The memo laid out two clear options. #1. Act (the highly recommended option), or #2. Don't Act, but lead people to believe you are.

The finance department recommended the government take concrete fiscally and environmentally responsible measures as supported by many G20 leaders as well as organizations such as the International Energy Agency and the Organization for Economic Cooperation and Development to begin to end these giveaways to rich oil and gas companies.

Instead they went for option #2. When the final reports were public Canada's "plan" was identical to the "don't act, but lead people to believe you are," option in the Department of Finance memo. They cited certain initiatives that had been taken years ago, but nothing new.

One could guess as to why the government continues to let big oil keep their money in their pockets. According to the lobby registry and media articles, these companies certainly get significantly more face time with the likes of the prime minister and the minister of the environment.

Whatever the motivations for the ongoing tax breaks, the consequences are much harder to swallow. Ongoing subsidies and tax breaks to the fossil fuel industry are irresponsible and are fuelling climate change, one of the biggest crises facing humanity today. The government's inability to take action even on the most elemental levels, such as putting an end to tax breaks for the richest companies in the world, reflects a broader recklessness towards this problem.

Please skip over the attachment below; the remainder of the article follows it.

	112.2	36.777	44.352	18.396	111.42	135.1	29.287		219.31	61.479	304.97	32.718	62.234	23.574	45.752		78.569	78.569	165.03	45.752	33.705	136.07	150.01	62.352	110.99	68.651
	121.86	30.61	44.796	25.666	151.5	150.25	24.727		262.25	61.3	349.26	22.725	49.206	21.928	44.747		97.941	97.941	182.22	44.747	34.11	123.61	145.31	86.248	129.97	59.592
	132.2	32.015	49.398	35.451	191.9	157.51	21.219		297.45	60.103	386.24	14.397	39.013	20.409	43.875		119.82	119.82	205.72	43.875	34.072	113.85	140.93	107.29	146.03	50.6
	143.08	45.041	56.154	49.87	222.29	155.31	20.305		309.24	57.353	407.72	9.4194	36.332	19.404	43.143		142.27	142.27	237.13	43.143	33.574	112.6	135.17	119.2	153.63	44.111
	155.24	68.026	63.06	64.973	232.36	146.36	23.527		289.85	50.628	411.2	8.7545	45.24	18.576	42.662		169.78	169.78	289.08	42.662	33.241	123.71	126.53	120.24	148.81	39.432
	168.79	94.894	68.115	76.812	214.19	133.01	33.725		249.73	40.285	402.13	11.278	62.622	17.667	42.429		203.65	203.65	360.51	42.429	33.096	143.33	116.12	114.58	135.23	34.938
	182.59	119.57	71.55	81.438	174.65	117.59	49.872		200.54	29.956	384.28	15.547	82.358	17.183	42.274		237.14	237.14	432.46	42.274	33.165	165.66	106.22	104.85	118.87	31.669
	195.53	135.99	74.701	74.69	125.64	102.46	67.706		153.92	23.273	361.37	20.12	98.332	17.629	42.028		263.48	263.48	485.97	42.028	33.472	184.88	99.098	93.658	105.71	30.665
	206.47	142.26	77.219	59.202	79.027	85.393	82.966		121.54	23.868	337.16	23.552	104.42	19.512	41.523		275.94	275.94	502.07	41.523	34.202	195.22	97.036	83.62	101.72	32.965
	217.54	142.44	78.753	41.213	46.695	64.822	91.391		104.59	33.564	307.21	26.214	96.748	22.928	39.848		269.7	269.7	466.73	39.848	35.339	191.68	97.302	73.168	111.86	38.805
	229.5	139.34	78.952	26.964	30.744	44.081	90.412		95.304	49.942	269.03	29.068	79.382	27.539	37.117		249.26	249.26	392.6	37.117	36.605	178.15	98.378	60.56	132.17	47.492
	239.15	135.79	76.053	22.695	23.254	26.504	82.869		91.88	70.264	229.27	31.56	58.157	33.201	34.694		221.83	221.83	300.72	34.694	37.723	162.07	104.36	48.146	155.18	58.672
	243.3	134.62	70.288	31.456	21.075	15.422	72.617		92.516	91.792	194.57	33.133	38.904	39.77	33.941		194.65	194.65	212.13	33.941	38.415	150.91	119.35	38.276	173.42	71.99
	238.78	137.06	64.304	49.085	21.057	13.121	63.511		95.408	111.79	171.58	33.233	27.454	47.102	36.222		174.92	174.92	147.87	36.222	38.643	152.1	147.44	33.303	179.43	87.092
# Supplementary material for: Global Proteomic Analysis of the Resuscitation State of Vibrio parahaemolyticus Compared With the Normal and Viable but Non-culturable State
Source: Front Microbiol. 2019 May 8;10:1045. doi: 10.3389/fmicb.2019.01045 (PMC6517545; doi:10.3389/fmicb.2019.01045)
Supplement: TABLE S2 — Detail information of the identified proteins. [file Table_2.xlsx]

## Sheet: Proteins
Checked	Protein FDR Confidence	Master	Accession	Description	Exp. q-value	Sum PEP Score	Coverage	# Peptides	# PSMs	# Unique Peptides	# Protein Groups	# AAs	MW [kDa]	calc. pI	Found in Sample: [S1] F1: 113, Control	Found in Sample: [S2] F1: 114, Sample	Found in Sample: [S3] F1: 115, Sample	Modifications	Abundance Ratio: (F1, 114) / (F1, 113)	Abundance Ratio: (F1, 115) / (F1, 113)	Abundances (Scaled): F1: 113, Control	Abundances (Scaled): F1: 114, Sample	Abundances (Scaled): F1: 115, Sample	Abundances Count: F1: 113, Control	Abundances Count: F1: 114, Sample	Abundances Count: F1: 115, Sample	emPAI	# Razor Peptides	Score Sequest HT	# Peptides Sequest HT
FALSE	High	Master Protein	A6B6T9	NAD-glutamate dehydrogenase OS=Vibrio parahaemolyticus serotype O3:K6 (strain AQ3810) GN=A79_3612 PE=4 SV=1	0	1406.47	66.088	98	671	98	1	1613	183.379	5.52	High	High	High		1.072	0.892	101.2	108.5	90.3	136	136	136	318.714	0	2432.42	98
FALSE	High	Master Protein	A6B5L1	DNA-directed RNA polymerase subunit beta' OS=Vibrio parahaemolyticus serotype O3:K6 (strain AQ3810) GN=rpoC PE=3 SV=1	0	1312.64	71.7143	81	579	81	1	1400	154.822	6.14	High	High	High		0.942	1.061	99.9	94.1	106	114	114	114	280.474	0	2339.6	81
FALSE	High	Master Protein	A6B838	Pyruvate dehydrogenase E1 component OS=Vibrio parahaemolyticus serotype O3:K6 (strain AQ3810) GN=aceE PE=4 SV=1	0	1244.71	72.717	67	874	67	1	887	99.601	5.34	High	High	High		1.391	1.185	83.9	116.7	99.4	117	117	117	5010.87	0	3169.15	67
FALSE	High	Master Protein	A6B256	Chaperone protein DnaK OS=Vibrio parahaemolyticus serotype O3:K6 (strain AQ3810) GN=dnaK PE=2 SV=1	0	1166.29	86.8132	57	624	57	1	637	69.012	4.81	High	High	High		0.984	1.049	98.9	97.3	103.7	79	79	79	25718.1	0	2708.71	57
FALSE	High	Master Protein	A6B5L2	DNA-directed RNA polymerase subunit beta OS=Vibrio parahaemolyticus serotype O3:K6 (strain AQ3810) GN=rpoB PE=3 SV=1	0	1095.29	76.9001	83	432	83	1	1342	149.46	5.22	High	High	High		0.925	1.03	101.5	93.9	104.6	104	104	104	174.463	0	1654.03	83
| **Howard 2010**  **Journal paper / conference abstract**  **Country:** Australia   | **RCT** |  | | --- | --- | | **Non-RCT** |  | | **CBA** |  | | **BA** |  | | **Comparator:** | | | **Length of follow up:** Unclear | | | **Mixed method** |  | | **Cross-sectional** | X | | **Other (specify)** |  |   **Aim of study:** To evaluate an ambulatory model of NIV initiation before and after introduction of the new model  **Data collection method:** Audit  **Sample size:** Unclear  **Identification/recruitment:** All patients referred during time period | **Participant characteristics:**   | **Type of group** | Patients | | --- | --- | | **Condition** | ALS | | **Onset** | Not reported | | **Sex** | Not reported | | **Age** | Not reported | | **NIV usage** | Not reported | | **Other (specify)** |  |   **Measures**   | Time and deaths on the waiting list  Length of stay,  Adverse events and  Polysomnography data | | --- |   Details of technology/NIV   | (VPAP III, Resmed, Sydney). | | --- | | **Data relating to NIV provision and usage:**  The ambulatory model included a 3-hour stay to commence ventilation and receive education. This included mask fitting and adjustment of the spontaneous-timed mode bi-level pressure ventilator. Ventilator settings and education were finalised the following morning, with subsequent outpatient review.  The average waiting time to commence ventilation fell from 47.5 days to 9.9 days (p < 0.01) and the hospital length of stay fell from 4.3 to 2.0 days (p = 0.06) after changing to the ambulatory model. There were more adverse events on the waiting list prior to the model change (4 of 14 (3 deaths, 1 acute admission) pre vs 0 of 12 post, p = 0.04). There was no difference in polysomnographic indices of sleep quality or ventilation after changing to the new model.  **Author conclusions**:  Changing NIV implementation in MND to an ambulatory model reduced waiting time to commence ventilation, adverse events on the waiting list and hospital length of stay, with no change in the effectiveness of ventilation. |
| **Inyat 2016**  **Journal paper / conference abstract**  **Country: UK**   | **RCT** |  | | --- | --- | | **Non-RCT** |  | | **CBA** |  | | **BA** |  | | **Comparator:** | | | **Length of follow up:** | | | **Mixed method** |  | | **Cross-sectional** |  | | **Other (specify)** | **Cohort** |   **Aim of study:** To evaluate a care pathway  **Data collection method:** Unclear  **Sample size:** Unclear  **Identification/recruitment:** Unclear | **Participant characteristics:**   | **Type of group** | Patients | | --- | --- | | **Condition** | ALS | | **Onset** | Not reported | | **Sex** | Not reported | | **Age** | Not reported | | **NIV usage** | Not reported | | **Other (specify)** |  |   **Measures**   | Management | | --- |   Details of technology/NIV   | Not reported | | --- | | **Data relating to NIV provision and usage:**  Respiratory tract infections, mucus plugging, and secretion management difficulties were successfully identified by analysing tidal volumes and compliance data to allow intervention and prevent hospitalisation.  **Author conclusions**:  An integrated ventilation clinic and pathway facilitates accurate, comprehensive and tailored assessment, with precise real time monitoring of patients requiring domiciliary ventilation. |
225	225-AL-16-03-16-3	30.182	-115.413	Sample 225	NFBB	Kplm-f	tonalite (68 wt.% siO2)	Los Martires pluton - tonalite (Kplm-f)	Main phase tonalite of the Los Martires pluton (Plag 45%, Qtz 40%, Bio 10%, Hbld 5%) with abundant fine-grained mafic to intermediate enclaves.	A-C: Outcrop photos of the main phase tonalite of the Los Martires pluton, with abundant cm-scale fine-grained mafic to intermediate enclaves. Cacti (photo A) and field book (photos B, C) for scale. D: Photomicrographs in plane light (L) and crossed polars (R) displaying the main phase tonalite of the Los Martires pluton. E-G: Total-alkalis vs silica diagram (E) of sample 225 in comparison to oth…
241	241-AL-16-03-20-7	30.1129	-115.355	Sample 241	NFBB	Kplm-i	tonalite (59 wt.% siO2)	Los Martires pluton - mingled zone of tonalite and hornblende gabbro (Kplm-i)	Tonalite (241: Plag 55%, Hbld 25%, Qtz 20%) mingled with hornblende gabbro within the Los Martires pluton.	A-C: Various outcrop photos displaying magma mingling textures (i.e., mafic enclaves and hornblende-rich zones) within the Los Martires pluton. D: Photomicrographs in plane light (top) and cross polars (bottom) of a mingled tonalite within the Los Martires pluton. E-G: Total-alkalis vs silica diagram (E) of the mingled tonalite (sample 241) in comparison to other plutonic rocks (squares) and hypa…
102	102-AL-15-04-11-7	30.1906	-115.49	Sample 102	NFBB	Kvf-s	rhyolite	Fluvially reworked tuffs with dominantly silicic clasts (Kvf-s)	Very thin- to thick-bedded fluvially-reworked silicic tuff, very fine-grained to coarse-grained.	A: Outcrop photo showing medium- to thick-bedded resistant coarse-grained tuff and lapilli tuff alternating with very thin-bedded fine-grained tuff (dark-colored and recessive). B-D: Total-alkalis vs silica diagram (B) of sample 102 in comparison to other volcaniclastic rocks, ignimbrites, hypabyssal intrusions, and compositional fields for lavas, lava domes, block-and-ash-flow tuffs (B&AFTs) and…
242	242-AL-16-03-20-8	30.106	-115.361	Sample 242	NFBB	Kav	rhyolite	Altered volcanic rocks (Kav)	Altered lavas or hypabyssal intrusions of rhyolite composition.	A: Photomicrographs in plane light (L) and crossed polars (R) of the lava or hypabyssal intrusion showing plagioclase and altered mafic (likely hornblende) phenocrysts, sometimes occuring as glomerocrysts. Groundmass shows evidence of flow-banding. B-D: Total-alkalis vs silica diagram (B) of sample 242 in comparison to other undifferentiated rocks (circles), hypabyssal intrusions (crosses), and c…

Vulnerable regions around the world are already bearing the brunt of some of the devastating consequences of global warming, and the prognosis is not encouraging. In east Africa, over 20 million people are enduring a humanitarian crisis with the worst droughts to hit their region in history, and in west Africa another 10 million face a similarly extraordinary crisis. The World Health Organization estimates the number of people at risk of hunger will increase by over 50 million people in the next 40 years as a result of climate change.